Salt caves have become a wellness hit in the Czech Republic. Vaclav Havel's hands of glass are the first in a future Hall of Fame. And, who is the biggest Czech villain? Find out more in Magazine with Daniela Lazarova.
The Czech Inspection Office has withdrawn over a million condoms from the market because they did not fulfil the required safety regulations. Asked what was wrong with them the inspection office said they lacked written instructions for correct usage.
A unique book has just hit bookshelves in the Czech Republic. It is a dictionary of the Ostrava dialect and slang. The dictionary contains swear words, local sayings and differences in pronunciation as compared to standard, literary Czech. Although Czech is spoken across the Czech Republic there are differences in dialect in Bohemia, Moravia and Silesia. The project was undertaken half in jest but the dictionary is selling like hot cakes across the country.
Salt caves are coming into fashion within wellness programmes now available in the Czech Republic. The first such caves were built in Prague and the spa town of Marianske Lazne with salt blocks imported from the Dead Sea. The mineral cure is said to be good for a great many ailments, particularly allergies, asthma, skin disease, nose ear and throat infections and problems of the circulatory system. It's not as good as taking a holiday at the seaside but it is said to be the next best thing. Specialists claim that an hour spent in the cave will give you the benefits of 24 hours spent at the seaside, so ideally you should book the cave for several hors a week for optimal results. All you have to do is sit in a deck chair for an hour and listen to relaxing music or the sound of the sea on tape.
A twenty three year old man made a toll free call to the police last week saying he had been attacked and robbed by two men who had stolen everything including his clothes. When the police got to the spot he was standing there in his underwear with a dramatic tale to tell. The officers soon found that his story did not hold water and the locals at a nearby pub were only too happy to supply the facts: the young man lost everything in a game of cards and because he had no clothes and no money for a taxi he decided to avail himself of the services of the police, hoping that they'd drive him home. The police say that this is neither the first nor is it likely to be the last incident of this kind. "Men often panic after loosing everything in a game of cards and rather than go home and tell their wives they make up a story and call us," a police officer said.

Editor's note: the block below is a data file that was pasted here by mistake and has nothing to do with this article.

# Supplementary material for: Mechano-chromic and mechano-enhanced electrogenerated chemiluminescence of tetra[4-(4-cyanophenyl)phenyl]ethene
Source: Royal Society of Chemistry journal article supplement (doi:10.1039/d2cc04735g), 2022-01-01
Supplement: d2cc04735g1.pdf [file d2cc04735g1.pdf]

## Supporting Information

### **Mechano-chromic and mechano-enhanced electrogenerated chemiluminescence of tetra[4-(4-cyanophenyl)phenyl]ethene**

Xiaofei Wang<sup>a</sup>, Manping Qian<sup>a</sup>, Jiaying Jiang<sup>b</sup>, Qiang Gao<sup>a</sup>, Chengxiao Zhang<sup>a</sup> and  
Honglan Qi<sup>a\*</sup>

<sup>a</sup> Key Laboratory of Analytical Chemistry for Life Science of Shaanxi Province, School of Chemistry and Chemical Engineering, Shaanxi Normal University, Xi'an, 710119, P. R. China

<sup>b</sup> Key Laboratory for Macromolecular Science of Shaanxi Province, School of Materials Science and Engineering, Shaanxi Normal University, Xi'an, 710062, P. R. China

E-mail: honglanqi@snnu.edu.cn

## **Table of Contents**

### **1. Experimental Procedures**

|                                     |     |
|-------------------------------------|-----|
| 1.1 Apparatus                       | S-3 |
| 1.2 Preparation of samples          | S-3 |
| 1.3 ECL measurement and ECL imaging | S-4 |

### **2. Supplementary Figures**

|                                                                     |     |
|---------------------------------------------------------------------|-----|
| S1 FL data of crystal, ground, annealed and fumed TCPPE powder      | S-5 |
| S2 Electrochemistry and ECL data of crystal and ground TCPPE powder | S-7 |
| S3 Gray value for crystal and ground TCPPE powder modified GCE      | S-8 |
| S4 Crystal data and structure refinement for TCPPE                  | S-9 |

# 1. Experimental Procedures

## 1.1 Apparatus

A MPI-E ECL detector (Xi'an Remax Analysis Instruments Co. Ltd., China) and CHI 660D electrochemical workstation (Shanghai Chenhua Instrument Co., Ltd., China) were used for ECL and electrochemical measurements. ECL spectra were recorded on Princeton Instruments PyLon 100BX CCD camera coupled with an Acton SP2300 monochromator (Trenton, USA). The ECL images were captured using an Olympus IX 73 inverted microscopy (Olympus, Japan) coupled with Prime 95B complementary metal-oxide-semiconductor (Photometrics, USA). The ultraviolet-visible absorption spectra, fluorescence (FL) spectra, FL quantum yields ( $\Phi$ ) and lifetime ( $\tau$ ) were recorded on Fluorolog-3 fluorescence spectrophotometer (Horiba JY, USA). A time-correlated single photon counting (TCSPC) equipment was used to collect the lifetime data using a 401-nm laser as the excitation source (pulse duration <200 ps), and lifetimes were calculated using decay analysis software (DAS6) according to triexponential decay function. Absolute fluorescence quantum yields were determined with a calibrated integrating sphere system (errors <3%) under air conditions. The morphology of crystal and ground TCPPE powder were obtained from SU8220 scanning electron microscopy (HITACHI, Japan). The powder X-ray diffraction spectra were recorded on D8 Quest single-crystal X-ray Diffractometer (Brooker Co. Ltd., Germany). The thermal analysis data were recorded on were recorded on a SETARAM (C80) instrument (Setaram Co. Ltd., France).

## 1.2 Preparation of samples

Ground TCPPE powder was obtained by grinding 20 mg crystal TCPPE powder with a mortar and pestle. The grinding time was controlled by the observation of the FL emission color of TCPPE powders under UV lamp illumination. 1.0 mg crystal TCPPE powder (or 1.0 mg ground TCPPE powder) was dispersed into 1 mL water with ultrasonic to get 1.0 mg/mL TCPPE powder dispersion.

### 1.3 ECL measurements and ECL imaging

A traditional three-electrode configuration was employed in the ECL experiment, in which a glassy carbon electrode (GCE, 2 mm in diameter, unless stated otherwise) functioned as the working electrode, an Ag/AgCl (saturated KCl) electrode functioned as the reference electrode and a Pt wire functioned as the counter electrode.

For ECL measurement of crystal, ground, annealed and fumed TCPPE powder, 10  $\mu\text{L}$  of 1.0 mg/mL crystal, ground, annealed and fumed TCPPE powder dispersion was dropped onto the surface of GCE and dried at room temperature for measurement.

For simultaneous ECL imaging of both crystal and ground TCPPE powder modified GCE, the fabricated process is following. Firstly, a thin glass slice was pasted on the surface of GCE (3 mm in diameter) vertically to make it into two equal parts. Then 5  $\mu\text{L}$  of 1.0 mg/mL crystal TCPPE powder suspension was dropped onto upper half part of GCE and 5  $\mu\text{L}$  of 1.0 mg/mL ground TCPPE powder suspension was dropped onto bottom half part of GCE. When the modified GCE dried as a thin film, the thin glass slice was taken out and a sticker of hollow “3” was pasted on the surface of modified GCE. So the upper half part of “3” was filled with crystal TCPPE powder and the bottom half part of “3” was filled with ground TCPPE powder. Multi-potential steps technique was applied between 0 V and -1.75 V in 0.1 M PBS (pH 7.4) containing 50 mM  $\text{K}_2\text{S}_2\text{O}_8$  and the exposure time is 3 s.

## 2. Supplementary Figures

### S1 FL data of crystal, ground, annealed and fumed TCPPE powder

Brazilian photographer Sebastiao Salgado currently has a travelling exhibition in the Czech Republic. To be specific, his collection of photographs documenting people at work in 27 countries has been placed in a train which will tour the country's main cities. The photo exhibition was unveiled in Prague, where the train spent some time at Hlavni Nadrazi, the city's main railway station. It is now bound for Hradec Kralove, Olomouc, Ostrava, Brno, Jihlava, Ceske Budejovice and Cesky Krumlov, where the train will spend a few days in each city. This travelling show was organized by Leica Gallery Prague and Mr. Salgado apparently loved the idea. "A train station is actually a great place for a photo exhibition," the organizer said. "It is a crossroads through which all kinds of people pass. Many have time to while away while waiting for a connecting train and are pleasantly surprised that it can turn into quality time. In this way you are bringing art to the people". Sebastiao Salgado is a world famous photographer with over 50 international awards to his name.
Czechs have entered the second stage of the Greatest Czech of all time competition, with only the top ten most esteemed Czechs left in the running. This gallery of prominent figures includes four arts people, three politicians, a priest, a warrior and an academician. The only representative of the present day - the only living Czech to make the top ten - is the former president Vaclav Havel. He is now rubbing shoulders with the likes of composer Antonin Dvorak, Czechoslovakia's first president Tomas Garrigue Masaryk and Charles IV. Other figures from the arts world include writer Karel Capek and actor Jan Werich.
The reformer priest Jan Hus and Jan Amos Comenius, known as the teacher of the nations, are also in the top ten. The overall winner is to be announced in mid-June. On the other hand the results of the Greatest Czech Villain competition are already available and the winner is: the first communist president Klement Gottwald. Not far behind are all the key figures of the recent political crisis in the Czech Republic. In fact the vast majority of those in the running for the biggest villain were politicians - an outcome that has commentators asking: how is it that Czech politicians manage to give themselves such a bad name?